This documentary on Steve Jobs aired on the UK TV’s Channel 4 last week (still available on the 4od streaming channel). An efficient whistle-stop tour of the man’s career, it suffered from two principal shortcomings.
The first was the lack of Jobs himself. Clearly the makers were unable to secure the rights to much video material featuring jobs (or couldn’t afford it from the rights holders given the topicality of former Time Magazine cover-boy Jobs death). Secondly there was little of a personal nature in it other than the broadest, most well-known comments already in the public domain. One suspects the programme-makers are still shy of the eager Apple legal team jumping on any perceived defamation.
So what we got was a tightly structured series of chapters from the early days in Palo Alto, the founding of Apple, the Sculley years, the Pixar years and the triumphant return as the saviour of the bankrupt Apple, each under a chapter heading such as “i-Innovated.”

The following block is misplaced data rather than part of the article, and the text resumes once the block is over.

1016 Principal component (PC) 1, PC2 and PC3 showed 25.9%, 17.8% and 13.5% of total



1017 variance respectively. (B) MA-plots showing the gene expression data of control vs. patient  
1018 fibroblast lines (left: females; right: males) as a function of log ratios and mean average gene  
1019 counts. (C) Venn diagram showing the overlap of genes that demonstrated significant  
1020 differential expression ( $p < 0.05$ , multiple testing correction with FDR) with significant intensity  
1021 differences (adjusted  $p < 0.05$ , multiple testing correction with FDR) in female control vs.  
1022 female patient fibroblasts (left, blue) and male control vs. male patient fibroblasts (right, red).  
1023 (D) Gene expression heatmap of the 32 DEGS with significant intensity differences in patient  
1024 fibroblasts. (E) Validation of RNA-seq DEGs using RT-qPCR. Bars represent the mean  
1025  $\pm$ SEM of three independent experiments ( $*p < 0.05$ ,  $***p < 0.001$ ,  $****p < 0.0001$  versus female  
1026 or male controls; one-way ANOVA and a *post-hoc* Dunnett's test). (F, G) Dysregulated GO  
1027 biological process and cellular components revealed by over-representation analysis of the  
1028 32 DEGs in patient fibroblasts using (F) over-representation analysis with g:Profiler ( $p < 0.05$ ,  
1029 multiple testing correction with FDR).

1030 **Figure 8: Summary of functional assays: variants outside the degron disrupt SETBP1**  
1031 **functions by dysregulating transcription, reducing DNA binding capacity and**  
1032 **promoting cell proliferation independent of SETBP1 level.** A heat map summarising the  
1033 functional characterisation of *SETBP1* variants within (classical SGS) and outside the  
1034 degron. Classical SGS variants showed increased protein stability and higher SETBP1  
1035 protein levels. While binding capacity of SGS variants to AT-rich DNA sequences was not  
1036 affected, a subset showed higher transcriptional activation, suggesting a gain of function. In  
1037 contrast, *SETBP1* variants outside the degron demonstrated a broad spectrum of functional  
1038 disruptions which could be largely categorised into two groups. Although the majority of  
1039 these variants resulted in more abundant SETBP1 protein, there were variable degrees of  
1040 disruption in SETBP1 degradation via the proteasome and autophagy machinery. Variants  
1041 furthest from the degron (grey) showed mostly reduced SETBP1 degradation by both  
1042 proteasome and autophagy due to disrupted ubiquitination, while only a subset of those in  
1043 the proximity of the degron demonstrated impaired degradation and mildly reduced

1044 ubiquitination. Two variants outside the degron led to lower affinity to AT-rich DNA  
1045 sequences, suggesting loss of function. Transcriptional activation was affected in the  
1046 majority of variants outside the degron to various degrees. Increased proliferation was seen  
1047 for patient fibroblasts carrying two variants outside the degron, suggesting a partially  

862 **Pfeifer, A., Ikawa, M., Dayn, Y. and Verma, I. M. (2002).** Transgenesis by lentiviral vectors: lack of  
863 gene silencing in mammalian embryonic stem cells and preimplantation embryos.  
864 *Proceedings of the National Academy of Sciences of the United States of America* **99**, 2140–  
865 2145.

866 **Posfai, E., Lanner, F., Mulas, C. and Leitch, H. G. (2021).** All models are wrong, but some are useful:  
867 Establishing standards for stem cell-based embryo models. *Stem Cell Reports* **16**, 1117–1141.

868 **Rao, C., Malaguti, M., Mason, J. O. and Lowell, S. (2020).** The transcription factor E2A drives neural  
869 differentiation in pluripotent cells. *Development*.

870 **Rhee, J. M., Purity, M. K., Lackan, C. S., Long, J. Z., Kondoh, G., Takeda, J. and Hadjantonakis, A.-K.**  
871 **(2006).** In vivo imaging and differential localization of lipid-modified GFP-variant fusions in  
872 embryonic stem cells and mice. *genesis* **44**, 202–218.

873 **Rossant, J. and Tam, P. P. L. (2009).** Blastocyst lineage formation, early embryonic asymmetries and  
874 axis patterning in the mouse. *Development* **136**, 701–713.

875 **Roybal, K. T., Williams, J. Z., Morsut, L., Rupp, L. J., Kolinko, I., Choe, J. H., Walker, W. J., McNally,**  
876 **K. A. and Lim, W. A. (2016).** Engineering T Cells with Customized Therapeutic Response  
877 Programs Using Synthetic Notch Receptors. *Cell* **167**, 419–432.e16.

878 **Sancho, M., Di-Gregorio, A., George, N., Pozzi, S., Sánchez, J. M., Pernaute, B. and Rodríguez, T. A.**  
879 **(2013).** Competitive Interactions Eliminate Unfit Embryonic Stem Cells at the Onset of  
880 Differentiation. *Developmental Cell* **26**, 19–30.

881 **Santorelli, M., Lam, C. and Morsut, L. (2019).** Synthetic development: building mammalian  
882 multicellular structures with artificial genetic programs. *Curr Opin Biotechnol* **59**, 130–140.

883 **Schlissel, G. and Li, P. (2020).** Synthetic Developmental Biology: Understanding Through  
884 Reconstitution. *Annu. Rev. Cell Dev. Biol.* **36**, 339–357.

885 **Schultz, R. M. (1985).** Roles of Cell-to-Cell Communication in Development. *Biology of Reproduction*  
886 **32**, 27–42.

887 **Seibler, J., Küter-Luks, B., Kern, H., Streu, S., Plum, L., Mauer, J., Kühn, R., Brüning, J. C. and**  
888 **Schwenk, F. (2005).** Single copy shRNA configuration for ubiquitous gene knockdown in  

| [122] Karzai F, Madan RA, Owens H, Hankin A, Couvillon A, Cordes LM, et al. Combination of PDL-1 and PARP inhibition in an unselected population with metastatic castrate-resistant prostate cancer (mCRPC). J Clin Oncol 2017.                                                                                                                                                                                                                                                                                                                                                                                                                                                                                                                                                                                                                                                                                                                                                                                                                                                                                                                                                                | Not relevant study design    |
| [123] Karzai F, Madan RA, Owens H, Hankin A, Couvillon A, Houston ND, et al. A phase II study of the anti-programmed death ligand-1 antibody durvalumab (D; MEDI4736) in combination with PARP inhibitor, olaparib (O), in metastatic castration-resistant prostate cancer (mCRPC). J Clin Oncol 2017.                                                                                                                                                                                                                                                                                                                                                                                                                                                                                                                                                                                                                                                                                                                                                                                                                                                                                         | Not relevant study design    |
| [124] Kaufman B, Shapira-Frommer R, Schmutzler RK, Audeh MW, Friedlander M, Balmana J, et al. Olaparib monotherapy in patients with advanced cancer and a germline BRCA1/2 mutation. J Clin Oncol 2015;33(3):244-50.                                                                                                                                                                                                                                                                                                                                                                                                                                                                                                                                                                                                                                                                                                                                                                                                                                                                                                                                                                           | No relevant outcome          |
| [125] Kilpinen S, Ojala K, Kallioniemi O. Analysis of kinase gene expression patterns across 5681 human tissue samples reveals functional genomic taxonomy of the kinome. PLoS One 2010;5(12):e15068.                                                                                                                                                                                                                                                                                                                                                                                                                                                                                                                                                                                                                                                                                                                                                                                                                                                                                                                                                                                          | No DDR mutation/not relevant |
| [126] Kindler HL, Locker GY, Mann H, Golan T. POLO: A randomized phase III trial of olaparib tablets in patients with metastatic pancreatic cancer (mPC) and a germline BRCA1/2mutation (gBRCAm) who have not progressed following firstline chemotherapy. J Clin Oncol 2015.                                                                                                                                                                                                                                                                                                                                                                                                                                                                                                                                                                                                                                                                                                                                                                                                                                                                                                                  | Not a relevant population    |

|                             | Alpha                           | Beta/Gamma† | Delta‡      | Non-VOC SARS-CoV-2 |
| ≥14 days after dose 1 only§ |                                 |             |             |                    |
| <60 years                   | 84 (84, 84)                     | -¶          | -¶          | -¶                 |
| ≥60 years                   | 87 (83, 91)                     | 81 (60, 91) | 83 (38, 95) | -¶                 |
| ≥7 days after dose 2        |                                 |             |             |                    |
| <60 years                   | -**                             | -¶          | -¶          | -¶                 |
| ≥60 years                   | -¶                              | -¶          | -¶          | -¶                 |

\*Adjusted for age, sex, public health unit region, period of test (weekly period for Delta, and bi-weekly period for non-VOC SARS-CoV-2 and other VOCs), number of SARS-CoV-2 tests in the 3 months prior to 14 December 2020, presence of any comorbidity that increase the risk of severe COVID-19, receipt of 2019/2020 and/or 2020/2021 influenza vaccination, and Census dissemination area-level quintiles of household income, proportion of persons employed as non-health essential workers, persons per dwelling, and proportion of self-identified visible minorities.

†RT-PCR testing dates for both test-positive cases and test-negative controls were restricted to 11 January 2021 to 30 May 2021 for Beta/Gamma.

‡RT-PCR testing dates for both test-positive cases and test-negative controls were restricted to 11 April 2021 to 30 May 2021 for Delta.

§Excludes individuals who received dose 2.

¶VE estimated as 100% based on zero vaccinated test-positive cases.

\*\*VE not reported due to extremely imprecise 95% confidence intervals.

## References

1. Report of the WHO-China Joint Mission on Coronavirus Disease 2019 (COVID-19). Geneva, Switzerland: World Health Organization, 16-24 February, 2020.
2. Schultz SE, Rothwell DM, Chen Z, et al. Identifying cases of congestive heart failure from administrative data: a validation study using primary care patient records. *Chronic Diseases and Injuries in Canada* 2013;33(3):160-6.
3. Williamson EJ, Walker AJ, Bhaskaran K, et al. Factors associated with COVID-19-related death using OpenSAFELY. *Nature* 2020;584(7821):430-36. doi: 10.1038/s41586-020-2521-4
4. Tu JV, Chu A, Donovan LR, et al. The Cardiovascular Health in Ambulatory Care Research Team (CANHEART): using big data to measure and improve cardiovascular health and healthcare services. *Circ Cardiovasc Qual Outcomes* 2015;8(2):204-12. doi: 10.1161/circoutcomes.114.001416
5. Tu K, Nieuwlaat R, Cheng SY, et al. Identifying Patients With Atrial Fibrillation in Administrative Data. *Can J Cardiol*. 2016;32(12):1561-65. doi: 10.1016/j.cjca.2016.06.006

Amongst the heaped praise for Jobs’ drive, magnetism and vision, a few dissenting voices laid out some of Jobs character faults, the school yard bully, the ego-centric credit-stealer. However, the programme failed to offer any character analysis of the Jobs paradox because there was nothing of his personal life and only the business context of John Sculley’s painful ousting of Jobs from Apple, a betrayal which emotionally scarred him for the rest of his career, as others have made plain.
There was no attempt to paint Jobs as a saint, but as a Clifton’s Notes for Jobs, every point was made effectively but briefly, each chapter a bullet-point presentation slide which I’m sure would play well in Keynote.
At its’ conclusion, the show outlined the four areas in which Jobs proved a game-changer: the computer industry, movie industry, music industry and telecommunications industry. Whether you consider Jobs ‘changed the world’ or merely accelerated the progress of those industries toward predicted models of modernity, is up to you. iChanged the World is too good a title to pass on, so that was the reporting line it took. The producers decided not to patronise us the viewers and kept to a neutral, factual tone, for which we thank them and hope other factual TV programme makers will take note. RC